Figure 3.1-2 Linkage rate of the LISA to the T1 Family File (T1FF), 1982 to 2011

Data table for Figure 3.1-2
Data table for Figure 3.1-2
Table summary
This table displays the results of Data table for Figure 3.1-2 Gross rate, Adjusted rate 1 and Adjusted rate 2, calculated using rate units of measure (appearing as column headers).
  Gross rate Adjusted rate 1 Adjusted rate 2
rate
1982 39.1 83.6 91.3
1983 40.4 83.2 91.2
1984 41.8 82.6 90.6
1985 43.2 82.3 90.3
1986 45.8 83.5 91.5
1987 47.3 83.1 91.0
1988 49.0 83.6 91.5
1989 50.7 84.1 91.9
1990 52.1 84.3 91.8
1991 53.5 84.6 91.7
1992 55.2 85.4 92.2
1993 57.0 86.4 93.1
1994 58.4 86.6 93.1
1995 59.8 86.8 93.1
1996 60.9 86.8 92.8
1997 62.6 87.3 92.9
1998 63.9 87.3 92.8
1999 65.5 87.4 92.7
2000 67.2 87.9 93.0
2001 68.6 88.2 92.8
2002 70.0 88.4 92.7
2003 71.4 88.8 92.7
2004 73.3 89.3 92.7
2005 75.1 89.6 92.7
2006 77.2 90.1 92.6
2007 79.4 90.8 92.8
2008 82.2 91.8 93.2
2009 84.7 92.8 93.5
2010 87.5 93.8 94.1
2011 90.3 94.8 94.8

Results in Figure 3.1-2 indicate that the linkage rate decreases going back in time, regardless of the sample used for the calculation. However, the most significant reduction in the linkage rate occurs when the calculation is based on a sample without exclusions, in which case it decreases significantly (1.76% per year, on average), from 90.3% in 2011 to only 39.1% in 1982. Excluding those respondents under the age of 20 in a given tax year, the rate decreases much less (0.39%, on average), from 94.8% in 2011 to 83.6% in 1982, remaining over 82% for all years. When also excluding respondents who immigrated to Canada in the 3 years prior to a given tax year, the decrease in linkage rate is small (0.12% per year, on average) from 94.8% in 2011 to 91.3% in 1982, remaining over 90% for all years. In other words, when the sample is limited to the population that is likely to file a tax return and have a constant SIN over time, the linkage rate remains high across all years.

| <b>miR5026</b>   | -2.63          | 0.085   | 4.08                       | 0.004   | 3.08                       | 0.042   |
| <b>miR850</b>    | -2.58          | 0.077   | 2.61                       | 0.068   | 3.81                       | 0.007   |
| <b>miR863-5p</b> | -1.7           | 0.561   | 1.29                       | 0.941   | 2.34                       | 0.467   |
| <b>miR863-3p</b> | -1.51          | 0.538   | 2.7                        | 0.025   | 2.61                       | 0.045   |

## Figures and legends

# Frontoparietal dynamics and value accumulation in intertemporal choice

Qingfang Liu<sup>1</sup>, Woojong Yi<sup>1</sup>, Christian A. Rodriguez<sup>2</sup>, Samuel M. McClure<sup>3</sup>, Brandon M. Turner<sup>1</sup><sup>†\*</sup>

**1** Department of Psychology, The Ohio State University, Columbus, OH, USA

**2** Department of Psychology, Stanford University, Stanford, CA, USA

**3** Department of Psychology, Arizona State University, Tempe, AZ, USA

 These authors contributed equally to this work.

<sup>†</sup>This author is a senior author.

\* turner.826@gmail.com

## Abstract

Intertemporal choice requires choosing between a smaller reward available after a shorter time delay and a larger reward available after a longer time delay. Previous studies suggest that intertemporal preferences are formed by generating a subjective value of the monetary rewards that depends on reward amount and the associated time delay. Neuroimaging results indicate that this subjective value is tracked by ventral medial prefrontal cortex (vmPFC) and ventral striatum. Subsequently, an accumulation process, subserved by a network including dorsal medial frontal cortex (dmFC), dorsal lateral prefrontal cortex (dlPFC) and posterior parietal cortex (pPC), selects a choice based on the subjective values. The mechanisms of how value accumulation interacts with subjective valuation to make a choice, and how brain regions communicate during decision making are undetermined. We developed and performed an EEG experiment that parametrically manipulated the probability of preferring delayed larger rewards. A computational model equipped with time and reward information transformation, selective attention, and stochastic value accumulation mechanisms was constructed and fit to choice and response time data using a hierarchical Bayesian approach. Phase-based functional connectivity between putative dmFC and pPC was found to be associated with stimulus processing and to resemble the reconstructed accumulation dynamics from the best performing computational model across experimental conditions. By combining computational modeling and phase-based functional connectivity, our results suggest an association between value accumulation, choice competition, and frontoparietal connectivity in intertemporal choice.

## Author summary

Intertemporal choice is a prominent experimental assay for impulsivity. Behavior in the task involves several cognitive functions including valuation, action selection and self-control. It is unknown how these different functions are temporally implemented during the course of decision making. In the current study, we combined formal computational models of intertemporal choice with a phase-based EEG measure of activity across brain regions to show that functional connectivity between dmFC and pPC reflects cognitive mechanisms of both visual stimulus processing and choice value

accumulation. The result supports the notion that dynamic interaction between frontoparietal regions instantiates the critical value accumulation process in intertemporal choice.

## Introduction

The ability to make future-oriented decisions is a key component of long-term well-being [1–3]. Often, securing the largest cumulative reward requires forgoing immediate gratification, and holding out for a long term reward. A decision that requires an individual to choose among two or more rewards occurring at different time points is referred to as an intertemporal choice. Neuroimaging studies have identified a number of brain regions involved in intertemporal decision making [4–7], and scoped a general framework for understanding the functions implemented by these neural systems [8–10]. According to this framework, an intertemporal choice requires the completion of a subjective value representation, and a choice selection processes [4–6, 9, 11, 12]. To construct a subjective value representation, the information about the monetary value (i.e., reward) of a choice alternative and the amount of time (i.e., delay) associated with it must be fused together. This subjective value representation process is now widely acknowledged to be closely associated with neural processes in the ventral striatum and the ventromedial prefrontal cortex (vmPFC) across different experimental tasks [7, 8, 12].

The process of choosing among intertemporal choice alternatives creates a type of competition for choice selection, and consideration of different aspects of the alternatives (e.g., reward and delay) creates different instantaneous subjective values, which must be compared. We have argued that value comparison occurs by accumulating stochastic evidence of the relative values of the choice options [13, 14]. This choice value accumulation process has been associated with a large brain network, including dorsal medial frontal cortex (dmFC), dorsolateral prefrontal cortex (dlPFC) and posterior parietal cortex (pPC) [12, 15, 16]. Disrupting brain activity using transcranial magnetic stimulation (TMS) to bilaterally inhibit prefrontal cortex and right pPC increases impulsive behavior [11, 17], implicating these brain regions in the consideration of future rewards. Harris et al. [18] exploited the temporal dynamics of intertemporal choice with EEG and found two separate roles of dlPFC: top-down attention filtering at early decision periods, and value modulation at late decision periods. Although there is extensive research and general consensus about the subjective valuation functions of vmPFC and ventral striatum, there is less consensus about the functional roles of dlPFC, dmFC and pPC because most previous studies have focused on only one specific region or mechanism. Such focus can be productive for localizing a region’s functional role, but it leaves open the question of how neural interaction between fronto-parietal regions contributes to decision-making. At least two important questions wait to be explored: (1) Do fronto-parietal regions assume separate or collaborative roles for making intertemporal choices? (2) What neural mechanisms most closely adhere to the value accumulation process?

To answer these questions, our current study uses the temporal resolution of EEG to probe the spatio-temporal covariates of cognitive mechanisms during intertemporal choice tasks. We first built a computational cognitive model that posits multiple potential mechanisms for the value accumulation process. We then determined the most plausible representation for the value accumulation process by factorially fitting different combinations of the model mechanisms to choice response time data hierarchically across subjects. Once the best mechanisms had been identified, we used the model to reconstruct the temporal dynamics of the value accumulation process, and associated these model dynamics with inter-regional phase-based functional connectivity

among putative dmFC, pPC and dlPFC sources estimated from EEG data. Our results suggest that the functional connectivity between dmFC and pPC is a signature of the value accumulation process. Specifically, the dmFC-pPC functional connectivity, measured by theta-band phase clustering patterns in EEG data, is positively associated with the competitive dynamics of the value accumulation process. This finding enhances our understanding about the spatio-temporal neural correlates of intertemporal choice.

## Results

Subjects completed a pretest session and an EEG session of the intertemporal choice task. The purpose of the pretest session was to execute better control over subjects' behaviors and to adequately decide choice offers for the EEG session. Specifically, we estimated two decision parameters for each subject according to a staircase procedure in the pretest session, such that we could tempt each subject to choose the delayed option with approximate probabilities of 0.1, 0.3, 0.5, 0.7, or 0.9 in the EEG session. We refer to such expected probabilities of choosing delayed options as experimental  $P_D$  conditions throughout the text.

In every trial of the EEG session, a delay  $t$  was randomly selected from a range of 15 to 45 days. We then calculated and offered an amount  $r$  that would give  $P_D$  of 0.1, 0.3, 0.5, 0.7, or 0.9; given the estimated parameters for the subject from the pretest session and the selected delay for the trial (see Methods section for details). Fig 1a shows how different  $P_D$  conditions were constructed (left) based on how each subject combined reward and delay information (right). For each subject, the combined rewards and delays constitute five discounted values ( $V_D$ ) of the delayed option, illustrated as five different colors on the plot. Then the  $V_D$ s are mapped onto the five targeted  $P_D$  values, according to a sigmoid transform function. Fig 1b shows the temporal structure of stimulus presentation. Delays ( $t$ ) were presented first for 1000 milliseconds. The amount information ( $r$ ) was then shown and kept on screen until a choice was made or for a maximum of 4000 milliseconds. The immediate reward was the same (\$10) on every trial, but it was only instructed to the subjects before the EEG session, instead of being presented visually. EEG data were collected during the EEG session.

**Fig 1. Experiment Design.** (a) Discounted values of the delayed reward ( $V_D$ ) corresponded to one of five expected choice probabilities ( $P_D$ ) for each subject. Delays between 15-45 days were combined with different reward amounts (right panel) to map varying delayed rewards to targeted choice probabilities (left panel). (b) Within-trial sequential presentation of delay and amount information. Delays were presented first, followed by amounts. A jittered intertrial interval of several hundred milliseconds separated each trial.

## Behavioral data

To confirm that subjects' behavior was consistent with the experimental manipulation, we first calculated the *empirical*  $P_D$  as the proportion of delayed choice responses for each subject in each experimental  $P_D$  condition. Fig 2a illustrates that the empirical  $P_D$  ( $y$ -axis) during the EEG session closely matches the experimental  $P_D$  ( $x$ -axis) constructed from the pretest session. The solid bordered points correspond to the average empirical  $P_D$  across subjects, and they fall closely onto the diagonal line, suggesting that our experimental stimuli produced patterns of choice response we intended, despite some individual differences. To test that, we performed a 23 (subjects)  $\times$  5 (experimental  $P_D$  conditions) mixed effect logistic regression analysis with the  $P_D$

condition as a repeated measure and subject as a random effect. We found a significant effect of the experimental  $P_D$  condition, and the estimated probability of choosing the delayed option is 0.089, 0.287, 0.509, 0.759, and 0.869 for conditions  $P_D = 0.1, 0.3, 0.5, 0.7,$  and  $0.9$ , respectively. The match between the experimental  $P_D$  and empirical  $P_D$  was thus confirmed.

In the LISA sample, 8.5% of respondents were not linked to tax data for any year between 1982 and 2011. This group is comprised of respondents for whom no SIN was found, and those who opted out of linkageNote 2.

3.2 Linkage rate examined

To analyze whether the linkage data is representative of the sample, several linkage rates were calculated for respondents who were over the age of 20 in a given tax year and were non-immigrants or who had immigrated over 3 years prior to the given tax year (see ‘Adjusted rate 2’ in Figure 3.1-2). In addition to the overall ‘Adjusted 2’ linkage rate, linkage rates were calculated for sub-samples by age (in a given tax year), sex, immigrant status, and province of residence (as of 2011) for the tax years 1982, 1996, and 2011. Because of the slight decrease in linkage rate in 1985, as shown in Figure 3.1-2, 1985 was also included (see Figure 3.2-1 – Figure 3.2-4). Note that these rates are based on unweighted frequency counts, as the objective of the present paper is to analyze linkage quality, rather than representativeness to the population. For the total number of observations linked in 1982, 1985, 1996, and 2011, see Table 3.2-5.

Figure 3.2-1 Adjusted linkage rate 2 of LISA demographic sub-groups, 1982.

Data table for Figure 3.2-1
Data table for Figure 3.2-1
Table summary
This table displays the results of Data table for Figure 3.2-1. The information is grouped by Category (appearing as row headers), Rate (appearing as column headers).